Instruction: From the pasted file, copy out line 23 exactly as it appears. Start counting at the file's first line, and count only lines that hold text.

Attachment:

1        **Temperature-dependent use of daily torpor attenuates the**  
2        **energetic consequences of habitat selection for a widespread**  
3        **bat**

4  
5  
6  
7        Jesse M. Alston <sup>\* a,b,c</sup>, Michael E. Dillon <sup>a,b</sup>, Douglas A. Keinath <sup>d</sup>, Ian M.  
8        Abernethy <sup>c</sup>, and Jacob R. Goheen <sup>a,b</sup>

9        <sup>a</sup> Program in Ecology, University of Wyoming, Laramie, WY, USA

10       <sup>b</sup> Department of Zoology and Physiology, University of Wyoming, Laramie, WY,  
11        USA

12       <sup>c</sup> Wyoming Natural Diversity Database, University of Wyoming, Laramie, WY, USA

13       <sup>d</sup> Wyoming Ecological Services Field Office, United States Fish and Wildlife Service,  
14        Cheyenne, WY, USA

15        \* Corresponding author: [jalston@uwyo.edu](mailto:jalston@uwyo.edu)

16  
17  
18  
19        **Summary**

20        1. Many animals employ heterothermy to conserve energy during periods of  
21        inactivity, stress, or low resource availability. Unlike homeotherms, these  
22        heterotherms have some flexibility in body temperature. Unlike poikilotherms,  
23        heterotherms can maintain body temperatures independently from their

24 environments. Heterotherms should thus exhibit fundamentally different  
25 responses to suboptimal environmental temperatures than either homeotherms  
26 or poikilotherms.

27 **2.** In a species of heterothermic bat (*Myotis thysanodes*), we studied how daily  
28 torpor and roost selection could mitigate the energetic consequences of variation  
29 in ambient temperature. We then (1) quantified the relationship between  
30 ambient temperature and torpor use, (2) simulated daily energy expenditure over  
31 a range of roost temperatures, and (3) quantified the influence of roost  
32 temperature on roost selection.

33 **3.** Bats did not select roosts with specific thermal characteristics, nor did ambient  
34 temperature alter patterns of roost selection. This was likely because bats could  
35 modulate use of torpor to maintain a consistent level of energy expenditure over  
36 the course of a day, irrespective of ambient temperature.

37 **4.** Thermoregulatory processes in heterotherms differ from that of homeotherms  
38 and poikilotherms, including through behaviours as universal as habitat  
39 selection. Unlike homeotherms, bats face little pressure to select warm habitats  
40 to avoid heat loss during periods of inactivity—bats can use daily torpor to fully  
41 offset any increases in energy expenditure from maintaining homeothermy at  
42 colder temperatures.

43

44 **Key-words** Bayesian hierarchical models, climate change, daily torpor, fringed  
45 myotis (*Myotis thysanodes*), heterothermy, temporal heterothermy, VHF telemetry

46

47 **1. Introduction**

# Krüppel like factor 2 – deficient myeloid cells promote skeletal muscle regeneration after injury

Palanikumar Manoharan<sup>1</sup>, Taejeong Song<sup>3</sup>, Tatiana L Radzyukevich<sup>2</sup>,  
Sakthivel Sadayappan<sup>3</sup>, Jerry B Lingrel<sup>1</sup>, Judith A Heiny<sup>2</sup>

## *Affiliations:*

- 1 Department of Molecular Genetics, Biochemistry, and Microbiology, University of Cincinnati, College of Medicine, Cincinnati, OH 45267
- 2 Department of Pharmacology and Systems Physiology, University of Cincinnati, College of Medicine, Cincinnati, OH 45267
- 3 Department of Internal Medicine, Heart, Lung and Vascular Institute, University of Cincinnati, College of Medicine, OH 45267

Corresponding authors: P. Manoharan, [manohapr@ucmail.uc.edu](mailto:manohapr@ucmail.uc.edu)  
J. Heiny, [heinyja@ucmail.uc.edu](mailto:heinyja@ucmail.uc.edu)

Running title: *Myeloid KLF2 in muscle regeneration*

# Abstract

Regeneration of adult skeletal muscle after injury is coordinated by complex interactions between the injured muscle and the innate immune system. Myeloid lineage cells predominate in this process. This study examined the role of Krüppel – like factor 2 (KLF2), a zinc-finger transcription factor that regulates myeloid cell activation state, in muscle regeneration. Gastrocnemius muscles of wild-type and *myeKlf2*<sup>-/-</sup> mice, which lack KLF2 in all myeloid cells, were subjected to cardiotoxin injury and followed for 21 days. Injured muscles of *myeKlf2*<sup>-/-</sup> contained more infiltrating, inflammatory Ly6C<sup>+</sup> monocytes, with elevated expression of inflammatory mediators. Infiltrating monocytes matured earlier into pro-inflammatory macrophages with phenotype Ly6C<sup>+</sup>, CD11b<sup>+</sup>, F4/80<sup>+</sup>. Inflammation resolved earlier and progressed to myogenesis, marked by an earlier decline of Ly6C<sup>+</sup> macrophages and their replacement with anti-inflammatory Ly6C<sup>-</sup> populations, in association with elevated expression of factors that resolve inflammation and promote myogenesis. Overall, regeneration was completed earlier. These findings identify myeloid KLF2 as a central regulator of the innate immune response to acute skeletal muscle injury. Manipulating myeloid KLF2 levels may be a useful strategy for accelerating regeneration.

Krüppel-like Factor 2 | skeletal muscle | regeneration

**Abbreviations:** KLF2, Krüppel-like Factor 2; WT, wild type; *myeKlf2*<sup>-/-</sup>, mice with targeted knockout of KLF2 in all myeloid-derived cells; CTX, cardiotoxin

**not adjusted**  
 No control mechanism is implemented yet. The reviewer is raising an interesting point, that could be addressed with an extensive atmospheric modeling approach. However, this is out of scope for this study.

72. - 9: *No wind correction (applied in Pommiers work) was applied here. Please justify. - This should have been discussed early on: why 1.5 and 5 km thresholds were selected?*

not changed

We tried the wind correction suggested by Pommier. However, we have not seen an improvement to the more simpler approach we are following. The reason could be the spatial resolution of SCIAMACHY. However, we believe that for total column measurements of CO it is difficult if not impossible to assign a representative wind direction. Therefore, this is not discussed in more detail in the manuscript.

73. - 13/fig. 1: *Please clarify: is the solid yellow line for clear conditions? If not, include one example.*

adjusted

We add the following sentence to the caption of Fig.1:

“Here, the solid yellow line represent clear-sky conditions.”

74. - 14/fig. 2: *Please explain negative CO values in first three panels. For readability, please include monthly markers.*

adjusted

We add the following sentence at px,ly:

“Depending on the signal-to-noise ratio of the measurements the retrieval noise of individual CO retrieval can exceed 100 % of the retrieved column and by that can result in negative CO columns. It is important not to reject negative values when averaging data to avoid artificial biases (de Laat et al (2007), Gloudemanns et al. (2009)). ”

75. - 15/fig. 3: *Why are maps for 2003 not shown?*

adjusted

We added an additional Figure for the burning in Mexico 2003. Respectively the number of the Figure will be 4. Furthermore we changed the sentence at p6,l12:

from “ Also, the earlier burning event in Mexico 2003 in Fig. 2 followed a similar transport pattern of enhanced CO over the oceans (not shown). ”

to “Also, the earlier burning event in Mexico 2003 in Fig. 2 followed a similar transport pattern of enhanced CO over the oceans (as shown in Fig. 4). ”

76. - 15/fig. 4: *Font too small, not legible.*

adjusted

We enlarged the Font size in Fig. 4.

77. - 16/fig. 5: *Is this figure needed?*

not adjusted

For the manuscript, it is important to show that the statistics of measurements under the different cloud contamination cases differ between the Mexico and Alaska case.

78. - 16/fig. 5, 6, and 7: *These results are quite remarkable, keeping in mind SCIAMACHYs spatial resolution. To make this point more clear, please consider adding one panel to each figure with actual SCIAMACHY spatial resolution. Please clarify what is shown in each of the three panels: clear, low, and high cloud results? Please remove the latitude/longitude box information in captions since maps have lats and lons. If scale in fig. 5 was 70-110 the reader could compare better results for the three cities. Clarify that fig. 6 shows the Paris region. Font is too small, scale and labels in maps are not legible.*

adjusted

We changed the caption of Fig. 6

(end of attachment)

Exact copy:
23        heterotherms can maintain body temperatures independently from their